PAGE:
First off, a quick hello to everyone. I've lurked linux-hacker.net for a year or more back when I was toying with my Audrey. I got my dot.station about two weeks ago from tigerdirect and have been toying around with it. Since the tiger units come unlocked and with a pretty nice custom debian install, I haven't had to worry about hacking just to make a usable system. Consequently, I started poking around some of the stuff that is unique about the dot.station vs. a normal PC. One of the things I wanted to do was get the new mail LED functional, and in a way, I have.
My theory going into this was that there would be some device on the chipset somewhere that would allow the controll of the LEDs, and then it would just be a matter of creating driver for the device. After poking around, I discovered that the chipset includes a SMBus controller, along with the PCI and USB controllers. After doing a bit of research on what SMBus is, I figured this would be the likely candidate for controlling the LEDs. (SMBus is a simple 2-wire control bus designed for power management, smart batteries, fan control, temperature monitoring, etc. I learned the most about it from the LMSensors project at http://www2.lm-sensors.nu/~lm78/docs.html).
I thought I could use some of the tools from LMSensors to scan the bus and find the LED device, but the kernel that comes with the tiger units did not have i2c enabled. I had just downloaded the kernel source and was getting ready to configure a new kernel when caution got the better of me. I wanted to make sure that my new kernel would have all the stuff enabled that the shipping one did, and that's when I made the following discoveries:
1. If you su - and become root, there are some interesting files in root's home dir (/root). In particular, there is a directory called build, which has 2 sub directories, blueriver_leddriver, and pctel-0.8.6. The latter I assume relates to the phone/modem stuff and will warrent some investigation. The former contains some source and binaries for a couple simple programs to control the LEDs.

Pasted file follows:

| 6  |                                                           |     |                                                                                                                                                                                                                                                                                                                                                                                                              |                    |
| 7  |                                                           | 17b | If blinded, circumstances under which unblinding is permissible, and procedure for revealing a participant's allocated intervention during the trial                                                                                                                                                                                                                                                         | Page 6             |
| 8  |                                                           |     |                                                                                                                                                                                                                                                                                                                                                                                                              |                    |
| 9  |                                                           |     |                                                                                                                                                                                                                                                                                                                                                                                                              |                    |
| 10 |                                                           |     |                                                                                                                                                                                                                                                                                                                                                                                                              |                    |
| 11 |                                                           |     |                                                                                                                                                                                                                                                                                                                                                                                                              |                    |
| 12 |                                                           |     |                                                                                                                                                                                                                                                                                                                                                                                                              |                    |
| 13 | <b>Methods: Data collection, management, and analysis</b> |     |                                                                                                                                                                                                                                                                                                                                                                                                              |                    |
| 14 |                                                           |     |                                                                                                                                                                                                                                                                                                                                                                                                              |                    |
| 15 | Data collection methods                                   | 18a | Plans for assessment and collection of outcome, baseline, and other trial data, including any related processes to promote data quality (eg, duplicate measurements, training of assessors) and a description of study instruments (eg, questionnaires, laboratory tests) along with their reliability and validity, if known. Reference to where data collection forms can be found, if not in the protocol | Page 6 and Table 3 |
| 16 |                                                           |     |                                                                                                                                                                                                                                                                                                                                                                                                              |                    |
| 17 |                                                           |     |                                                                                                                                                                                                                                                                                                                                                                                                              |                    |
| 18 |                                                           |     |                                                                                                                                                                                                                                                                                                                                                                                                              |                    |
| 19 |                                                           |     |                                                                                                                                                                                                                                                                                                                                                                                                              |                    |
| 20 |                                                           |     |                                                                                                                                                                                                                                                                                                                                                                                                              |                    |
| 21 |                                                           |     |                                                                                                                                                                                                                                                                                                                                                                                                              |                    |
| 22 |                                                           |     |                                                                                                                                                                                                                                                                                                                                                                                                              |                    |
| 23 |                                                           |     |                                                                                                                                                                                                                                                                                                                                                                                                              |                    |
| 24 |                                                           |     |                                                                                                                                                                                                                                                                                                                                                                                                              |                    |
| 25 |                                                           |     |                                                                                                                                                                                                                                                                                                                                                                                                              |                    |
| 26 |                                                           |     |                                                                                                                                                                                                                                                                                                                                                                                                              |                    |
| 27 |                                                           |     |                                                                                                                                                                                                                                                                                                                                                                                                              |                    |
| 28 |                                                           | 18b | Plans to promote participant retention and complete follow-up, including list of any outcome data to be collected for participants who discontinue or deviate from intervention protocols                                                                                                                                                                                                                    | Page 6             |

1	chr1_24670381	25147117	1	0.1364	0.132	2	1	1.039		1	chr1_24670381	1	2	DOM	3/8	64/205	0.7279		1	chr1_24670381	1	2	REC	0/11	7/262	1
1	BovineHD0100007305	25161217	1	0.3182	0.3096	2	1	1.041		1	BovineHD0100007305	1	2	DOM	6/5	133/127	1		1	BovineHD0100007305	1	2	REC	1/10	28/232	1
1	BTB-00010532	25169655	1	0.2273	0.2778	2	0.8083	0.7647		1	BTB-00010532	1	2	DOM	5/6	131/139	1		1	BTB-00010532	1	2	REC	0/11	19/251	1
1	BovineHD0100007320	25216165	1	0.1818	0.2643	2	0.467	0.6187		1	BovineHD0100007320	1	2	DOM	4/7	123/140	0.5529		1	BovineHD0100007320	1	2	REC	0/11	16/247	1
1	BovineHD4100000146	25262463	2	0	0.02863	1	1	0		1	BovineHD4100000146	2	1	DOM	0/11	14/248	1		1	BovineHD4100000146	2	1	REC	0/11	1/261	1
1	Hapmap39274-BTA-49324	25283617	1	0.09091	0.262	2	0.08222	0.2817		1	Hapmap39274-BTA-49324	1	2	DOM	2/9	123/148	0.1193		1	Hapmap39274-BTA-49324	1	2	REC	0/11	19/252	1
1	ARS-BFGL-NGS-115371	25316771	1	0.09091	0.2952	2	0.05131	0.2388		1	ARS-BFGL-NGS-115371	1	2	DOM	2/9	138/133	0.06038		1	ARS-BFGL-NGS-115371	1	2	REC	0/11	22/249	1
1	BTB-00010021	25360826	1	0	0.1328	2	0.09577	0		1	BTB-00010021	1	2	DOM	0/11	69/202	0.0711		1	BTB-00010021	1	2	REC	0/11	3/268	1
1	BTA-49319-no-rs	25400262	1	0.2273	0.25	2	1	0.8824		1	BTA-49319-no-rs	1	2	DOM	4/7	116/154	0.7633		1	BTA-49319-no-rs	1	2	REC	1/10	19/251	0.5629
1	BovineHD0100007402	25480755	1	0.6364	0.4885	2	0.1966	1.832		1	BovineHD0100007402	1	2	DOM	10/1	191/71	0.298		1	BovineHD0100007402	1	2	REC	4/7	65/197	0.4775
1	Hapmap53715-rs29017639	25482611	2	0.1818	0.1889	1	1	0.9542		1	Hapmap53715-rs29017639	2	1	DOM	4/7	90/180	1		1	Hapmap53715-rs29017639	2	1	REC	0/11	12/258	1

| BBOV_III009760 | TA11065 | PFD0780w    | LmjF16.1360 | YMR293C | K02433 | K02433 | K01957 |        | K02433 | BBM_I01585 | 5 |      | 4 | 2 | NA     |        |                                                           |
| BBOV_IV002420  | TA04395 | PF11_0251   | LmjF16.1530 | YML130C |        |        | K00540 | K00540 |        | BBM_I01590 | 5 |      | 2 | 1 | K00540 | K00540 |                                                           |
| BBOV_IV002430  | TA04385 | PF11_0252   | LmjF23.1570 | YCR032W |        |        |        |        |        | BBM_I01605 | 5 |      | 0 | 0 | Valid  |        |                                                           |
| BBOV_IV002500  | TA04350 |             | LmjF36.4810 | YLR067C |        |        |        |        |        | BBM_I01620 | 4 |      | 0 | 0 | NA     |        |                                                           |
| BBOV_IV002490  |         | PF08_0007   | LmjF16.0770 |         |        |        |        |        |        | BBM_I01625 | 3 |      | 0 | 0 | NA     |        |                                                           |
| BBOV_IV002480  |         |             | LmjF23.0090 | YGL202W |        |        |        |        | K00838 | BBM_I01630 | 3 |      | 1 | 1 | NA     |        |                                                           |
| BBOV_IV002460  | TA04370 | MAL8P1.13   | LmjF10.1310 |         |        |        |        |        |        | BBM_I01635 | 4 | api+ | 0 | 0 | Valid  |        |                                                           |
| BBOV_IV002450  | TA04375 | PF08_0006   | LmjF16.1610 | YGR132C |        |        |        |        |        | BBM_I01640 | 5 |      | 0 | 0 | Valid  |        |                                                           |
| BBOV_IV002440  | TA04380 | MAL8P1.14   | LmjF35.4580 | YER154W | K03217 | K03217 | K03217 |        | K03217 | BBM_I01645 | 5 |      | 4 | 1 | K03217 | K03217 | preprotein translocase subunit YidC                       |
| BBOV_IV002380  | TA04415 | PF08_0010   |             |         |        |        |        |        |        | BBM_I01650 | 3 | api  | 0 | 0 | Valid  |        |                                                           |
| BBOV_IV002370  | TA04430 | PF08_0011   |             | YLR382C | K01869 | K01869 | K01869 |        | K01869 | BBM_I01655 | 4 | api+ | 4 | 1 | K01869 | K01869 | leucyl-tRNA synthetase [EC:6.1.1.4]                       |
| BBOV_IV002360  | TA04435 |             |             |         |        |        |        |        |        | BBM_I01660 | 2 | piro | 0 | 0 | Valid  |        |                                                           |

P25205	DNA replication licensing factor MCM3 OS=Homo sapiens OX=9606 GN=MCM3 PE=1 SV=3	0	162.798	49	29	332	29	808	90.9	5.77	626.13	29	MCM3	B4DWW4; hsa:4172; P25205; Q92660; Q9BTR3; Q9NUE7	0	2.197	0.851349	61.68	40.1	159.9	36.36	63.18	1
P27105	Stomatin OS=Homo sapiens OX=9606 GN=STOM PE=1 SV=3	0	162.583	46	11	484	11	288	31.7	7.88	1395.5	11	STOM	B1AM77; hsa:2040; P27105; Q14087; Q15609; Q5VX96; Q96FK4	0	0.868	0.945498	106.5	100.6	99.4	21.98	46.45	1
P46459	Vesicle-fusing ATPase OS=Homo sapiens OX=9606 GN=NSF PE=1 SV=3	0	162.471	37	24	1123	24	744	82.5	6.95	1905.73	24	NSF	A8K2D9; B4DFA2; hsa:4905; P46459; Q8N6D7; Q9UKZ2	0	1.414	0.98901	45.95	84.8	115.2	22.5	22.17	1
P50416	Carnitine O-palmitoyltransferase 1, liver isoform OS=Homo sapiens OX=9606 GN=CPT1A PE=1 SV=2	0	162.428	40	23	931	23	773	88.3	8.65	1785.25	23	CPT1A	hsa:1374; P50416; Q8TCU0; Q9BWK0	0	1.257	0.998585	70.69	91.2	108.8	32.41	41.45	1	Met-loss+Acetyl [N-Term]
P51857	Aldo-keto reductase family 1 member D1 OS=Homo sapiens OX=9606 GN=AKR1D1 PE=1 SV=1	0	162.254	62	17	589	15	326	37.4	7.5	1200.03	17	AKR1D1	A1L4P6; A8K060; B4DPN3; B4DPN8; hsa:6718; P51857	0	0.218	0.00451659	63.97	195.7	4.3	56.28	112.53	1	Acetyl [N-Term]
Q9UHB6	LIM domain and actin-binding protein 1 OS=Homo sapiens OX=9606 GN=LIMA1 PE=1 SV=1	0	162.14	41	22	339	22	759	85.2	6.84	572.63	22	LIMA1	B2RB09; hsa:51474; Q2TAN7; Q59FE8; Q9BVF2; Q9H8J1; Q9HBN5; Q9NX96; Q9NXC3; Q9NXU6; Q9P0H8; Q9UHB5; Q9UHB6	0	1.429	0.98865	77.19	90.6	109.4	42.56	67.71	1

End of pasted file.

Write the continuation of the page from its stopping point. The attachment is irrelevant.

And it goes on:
2. Initially I couldn't get the ledapp program to do anything. All it does is perform some ioctl calls on a device /dev/Leds, which already exists on my system. After some more digging, I found a binary driver module for the LEDs. In /lib/modules/2.4.18-xfs-1.1/misc/ you'll find 3 modules, Leds.o, pctel.o and ptserial.o. The last 2 were already running on my system, and again, I assume are used to control the modem/phone stuff (none of which I've tried yet, incidently). Leds.o is the driver for the LEDs on the system. If you insert the module (insmod Leds.o) then the ledapp program will let you control the Mail, Online, and Power LEDs. You can turn them on and off, or set them to blink.
Now for the big dilema.
The ledapp source code has Intel copyrights on it, along with a proprietary notice and a "may not be copied or disclosed except in accordance with the terms of [license or nondisclosure] agreement." I haven't found any source code for the Leds.o driver module, and I'm not sure I want to. There are some tarballs and rpms in the blueriver-leddriver directory that I haven't checked out yet, but likely, anything I find is going to be under the same 'nondistribution' coverage as what I've turned up so far. I still think the LEDs probably run off of the SMBus, and the best bet might be to try to develop a "clean-room" driver for them. The other option is to try and trace the license and non-disclosure agreements back and convince whoever owns the code now to release it under some sort of usable license. The refurb house that tiger got the machines from had to be the ones who put the binaries (and bits of source I've found) on the machine, and they probably got it from AOL Avant. The terms of that agreement would dictate whether or not we'd be able to co-opt what's on the machines for general use/distribution.
Well, this turned into a longer post than I thought. At least now everyone with a dot.tiger will be able to make their LEDs blink.
I think my next course of action will be to try and build a new kernel so I can get lm-sensors stuff working and scan the SMBus. This will also let me figure out if the binary drivers we've got are generic enough to use with custom kernels or if we're stuck with the kernel images that come with it.
I'll also add that I do know quite a bit about Linux, and the Debian distribution in particular, so I'll try to answer those sorts of questions as I see them.